5. 5
  6. 6
In [6]:
seq(1, 5, length.out=4) # specify length of the vector
  1. 1
  2. 2.33333333333333
  3. 3.66666666666667
  4. 5

Lists

List is a data structure having components of mixed data types. A vector having all elements of the same type is called an atomic vector but a vector having elements of different type, and even different data structure is a list.
We can check whether an item is a list or vector using the typeof() function.
Below, we create a list x, of three components with data types double, logical, and integer vector respectively.

In [20]:
x <- list("a" = 2.5, "b" = TRUE, "c" = seq(1,3))

Its structure can be examined with the str() function.

In [21]:
str(x)
List of 3
 $ a: num 2.5
 $ b: logi TRUE
 $ c: int [1:3] 1 2 3

In this example, a, b and c are called tags which makes it easier to reference the components of the list. Tags are optional. We can create the same list without tags. R will use numeric indices instead.
So how do we access components of a list? Below are some methods.

In [7]:
x <- list("a" = 2.5, "b" = TRUE, "c" = seq(1,3))
x[c(1:2)]     # index using integer vector
$a
2.5
$b
TRUE
In [8]:
x[c(T,F,F)]   # index using logical vector
$a = 2.5
In [9]:
x[c("a","c")] # index using character vector
$a
2.5
$c
  1. 1
  2. 2
  3. 3

Indexing with [ as shown above will give us sublist, not the content inside the component. To retrieve the content, we need to use [[ or $.

In [7]:
x["a"]
x[["a"]]
x$a
$a = 2.5
2.5
2.5

Matrices

A matrix is a two dimensional data structure, they're similar to vectors but additionally contains the dimension attribute. All attributes of an object can be checked with the attributes() function (dimension can be checked directly with the dim() function). We can check if a variable is a matrix or not with the class() function.

Matrices can be created using the matrix() function. Dimension of the matrix can be defined by passing appropriate value for arguments nrow and ncol.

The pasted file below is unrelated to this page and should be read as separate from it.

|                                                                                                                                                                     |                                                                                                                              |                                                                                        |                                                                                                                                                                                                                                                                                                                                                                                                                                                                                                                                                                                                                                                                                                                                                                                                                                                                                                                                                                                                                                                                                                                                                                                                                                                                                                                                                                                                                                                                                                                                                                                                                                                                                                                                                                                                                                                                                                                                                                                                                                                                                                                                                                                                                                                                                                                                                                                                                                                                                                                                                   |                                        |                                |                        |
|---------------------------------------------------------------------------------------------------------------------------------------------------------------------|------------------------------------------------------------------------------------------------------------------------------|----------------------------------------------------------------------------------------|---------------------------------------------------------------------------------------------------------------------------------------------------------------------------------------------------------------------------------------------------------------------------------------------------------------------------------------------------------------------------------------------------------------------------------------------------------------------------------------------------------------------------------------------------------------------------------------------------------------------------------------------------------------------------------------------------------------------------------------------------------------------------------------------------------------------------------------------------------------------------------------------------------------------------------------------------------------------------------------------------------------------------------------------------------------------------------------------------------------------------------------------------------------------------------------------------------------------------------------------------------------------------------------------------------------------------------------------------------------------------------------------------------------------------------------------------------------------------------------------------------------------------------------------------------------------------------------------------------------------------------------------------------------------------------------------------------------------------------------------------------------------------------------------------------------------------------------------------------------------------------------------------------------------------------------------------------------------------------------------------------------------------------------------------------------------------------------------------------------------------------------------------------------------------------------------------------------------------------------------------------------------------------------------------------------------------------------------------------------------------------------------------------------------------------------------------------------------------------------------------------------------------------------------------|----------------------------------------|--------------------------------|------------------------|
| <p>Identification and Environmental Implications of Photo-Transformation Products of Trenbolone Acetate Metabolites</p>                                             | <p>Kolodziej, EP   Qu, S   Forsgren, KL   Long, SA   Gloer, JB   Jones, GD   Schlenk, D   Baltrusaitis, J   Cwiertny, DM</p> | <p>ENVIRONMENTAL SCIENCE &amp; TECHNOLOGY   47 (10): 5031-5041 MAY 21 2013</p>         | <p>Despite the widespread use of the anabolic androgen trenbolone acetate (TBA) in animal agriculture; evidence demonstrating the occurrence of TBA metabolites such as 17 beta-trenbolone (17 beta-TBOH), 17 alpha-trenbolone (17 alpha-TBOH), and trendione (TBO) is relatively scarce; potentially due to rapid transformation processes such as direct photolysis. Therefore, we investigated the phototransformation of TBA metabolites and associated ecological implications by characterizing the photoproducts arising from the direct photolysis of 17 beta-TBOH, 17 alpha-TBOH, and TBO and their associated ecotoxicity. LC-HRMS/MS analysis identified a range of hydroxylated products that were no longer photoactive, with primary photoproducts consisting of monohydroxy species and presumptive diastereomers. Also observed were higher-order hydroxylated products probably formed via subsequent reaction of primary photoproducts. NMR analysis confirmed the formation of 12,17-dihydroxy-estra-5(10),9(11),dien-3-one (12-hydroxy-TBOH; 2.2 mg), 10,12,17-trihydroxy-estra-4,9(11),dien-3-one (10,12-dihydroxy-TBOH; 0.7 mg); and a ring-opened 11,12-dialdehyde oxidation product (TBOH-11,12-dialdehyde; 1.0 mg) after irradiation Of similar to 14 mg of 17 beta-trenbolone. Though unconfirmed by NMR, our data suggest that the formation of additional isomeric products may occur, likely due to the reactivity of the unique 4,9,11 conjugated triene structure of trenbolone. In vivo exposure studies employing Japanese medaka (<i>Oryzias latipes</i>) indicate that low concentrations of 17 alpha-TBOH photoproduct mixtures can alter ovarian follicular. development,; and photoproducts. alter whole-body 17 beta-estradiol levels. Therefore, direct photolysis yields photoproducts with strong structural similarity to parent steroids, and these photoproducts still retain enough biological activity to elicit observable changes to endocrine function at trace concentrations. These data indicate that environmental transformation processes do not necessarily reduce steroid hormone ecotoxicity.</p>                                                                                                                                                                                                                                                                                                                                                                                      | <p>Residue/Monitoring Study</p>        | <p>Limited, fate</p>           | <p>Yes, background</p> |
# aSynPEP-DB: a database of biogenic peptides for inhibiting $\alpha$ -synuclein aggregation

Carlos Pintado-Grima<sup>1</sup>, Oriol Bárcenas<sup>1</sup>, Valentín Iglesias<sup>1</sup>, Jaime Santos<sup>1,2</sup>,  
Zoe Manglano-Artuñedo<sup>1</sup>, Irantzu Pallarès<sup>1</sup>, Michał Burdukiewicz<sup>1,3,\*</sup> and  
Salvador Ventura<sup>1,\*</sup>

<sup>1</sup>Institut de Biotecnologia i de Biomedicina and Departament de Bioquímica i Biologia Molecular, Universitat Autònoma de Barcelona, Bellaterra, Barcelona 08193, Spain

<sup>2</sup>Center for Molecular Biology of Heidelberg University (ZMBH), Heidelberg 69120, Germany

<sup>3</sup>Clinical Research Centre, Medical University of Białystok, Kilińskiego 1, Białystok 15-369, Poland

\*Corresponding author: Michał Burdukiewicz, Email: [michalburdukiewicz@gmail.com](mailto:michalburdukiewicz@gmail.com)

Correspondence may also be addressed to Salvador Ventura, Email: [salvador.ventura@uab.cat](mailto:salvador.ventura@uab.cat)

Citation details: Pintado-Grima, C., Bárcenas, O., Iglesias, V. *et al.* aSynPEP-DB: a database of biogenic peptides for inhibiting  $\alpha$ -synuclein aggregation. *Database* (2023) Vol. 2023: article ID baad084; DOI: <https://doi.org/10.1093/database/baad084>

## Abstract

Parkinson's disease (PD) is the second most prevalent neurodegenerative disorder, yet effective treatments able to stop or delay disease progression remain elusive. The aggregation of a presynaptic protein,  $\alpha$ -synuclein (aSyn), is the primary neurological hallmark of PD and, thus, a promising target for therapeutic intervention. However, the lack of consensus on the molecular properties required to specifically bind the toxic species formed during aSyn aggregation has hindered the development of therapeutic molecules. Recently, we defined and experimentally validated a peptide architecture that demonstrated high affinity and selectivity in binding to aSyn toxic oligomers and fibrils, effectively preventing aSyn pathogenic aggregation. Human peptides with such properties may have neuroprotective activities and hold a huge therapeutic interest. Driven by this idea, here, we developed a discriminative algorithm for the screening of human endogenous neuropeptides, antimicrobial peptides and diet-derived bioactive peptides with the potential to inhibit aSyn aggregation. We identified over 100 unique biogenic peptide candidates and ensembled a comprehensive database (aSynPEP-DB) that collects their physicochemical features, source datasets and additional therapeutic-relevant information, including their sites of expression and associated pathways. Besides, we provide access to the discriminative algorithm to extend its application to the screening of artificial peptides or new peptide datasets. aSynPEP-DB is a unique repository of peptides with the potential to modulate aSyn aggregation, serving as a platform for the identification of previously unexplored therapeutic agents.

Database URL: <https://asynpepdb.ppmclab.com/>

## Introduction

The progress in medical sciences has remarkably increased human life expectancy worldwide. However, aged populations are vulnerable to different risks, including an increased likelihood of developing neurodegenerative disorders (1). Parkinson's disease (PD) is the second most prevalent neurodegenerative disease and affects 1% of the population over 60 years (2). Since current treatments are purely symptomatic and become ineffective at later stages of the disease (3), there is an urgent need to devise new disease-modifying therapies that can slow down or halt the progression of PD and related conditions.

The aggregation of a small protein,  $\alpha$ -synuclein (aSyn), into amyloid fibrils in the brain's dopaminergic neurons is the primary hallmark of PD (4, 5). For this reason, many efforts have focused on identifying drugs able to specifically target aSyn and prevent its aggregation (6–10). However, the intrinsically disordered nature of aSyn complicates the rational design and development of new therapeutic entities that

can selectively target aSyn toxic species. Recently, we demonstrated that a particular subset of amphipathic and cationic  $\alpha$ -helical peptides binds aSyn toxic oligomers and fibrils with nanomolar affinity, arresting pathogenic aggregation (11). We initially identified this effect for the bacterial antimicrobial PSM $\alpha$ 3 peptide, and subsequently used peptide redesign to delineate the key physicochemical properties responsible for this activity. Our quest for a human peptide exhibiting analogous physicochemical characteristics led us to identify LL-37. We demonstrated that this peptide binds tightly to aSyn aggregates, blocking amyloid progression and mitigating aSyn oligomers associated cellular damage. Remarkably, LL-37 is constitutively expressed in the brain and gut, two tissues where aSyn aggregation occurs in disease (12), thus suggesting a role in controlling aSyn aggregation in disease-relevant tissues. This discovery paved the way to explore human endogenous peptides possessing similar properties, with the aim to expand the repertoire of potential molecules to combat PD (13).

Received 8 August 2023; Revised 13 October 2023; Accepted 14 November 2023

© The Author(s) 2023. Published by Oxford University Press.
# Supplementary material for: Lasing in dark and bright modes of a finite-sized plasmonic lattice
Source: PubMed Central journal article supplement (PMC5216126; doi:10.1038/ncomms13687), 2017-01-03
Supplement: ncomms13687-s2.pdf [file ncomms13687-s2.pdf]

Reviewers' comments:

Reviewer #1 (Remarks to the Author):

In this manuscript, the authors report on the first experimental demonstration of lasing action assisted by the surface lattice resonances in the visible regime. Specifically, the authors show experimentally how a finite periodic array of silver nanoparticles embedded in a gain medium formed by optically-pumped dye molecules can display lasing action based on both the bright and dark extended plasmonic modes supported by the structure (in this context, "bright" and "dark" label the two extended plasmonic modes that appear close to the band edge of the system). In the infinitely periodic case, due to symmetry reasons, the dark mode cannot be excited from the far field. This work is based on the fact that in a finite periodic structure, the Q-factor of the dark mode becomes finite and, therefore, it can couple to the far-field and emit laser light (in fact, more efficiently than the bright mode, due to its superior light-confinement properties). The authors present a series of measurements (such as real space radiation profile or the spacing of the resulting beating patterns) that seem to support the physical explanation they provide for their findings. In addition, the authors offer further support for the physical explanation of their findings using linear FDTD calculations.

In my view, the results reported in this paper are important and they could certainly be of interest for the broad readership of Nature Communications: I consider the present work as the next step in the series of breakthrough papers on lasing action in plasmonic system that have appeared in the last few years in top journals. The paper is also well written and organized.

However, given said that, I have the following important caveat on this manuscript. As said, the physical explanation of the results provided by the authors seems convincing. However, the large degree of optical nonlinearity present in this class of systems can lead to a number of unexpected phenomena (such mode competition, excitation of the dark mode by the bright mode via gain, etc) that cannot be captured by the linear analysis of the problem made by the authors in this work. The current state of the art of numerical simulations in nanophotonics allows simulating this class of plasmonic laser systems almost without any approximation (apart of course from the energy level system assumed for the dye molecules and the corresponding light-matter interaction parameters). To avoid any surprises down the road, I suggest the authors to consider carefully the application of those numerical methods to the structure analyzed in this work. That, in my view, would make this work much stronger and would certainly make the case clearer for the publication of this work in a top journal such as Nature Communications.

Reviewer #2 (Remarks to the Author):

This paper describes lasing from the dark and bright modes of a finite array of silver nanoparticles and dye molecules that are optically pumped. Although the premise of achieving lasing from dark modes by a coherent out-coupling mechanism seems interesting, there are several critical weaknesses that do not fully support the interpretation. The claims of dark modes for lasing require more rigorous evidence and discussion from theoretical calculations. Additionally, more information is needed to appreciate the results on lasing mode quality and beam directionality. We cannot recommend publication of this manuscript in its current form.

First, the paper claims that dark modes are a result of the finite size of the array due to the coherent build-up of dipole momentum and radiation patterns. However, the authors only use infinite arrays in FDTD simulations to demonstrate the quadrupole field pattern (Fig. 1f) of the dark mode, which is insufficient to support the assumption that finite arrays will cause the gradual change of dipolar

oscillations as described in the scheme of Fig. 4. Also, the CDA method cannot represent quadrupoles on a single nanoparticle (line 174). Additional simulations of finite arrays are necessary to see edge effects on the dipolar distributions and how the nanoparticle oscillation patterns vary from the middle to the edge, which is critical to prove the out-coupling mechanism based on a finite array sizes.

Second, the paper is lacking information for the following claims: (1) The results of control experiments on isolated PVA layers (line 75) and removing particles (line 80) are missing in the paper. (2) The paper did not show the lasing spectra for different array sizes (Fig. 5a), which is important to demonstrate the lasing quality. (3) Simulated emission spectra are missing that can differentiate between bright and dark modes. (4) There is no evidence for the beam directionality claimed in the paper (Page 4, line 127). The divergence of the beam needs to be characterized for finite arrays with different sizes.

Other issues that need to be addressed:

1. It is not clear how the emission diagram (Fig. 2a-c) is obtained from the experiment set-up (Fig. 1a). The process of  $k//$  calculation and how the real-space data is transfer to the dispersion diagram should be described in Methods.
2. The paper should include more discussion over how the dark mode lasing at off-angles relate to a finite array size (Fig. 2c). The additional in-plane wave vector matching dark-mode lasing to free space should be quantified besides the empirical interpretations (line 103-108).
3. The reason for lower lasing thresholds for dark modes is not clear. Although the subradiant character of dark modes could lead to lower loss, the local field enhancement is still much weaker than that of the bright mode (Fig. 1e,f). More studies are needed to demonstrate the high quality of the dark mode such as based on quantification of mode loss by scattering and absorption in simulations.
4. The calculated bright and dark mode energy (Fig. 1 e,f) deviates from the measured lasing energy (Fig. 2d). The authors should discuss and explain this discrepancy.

Providing value for both dimension is not necessary. If one of the dimension is provided, the other is inferred from length of the data.

In [38]:
matrix(1:9, nrow = 3, ncol = 3) # same as matrix(1:9, nrow = 3)
147
258
369
In [39]:
matrix(1:9, nrow=3, byrow=TRUE) # fill matrix row-wise
123
456
789

It is possible to name the rows and columns of matrix during creation by passing a 2-element list to the argument dimnames.

In [41]:
x <- matrix(1:9, nrow = 3, dimnames = list(c("X","Y","Z"), c("A","B","C")))
x
ABC
X147
Y258
Z369

Another way of creating a matrix is by using functions cbind() and rbind() as in column bind and row bind, or from a vector by setting its dimension using dim().

In [8]:
cbind(c(1,2,3),c(4,5,6))
rbind(c(1,2,3),c(4,5,6))
x <- c(1,2,3,4,5,6)
dim(x) <- c(2,3)
x
14
25
36
123
456

Data Frames

Data frames are similar to matrices, so many of the we're about to use also work on matrices.

The key difference between the two is that data frames, unlike matrices, can have different columns store different modes (numeric, character, factor, etc.). This makes data frames extremely powerful, since it iand the most commonly used data type.

Below we create a simple data frame, and analyze it using some essential R functions.

In [11]:
x <- data.frame("ID" = 1:2, "Age" = c(21,15), "Name" = c("John","Dora"), stringsAsFactors=FALSE) #make the data frame
x
str(x)   # structure of x
names(x) # names of each column
ncol(x)  # number of columns
nrow(x)  # number of rows
IDAgeName
11 21 John
22 15 Dora
'data.frame':	2 obs. of  3 variables:
 $ ID  : int  1 2
 $ Age : num  21 15
 $ Name: chr  "John" "Dora"
  1. "ID"
  2. "Age"
  3. "Name"
3
2

How to access elements of a data frame? We can access elements of a matrix using the square bracket [ indexing method. Elements can be accessed as var[row, column]. Here rows and columns are vectors.

In [10]:
x[c(1,2),c(2,3)]    # select rows 1 & 2 and columns 2 & 3
x[1,]    # leaving column field blank will select entire columns
x[,]    # leaving row as well as column field blank will select entire data frame
x[-1,]    # select all rows except first
AgeName
121 John
215 Dora
IDAgeName
11 21 John
In [93]:
x[1,"Name"]
John

Data frames are also easy to modify, or add components to.

In [94]:
x[1,"Age"] <- 20; x #modify John's Age
IDAgeName
1 20 John
2 15 Dora

Rows can be added to a data frame using the rbind() function.

In [109]:
rbind(x,list(3,16,"Paul"))
IDAgeName
1 21 John
2 15 Dora
3 16 Paul

Similarly, we can add columns using cbind(), or If you want to delete a row or column, simply set its value to NULL.

In [79]:
cbind(x,State=c("NY","FL"))
x$State <- NULL
x
IDAgeNameState
1 20 JohnNY
2 15 DoraFL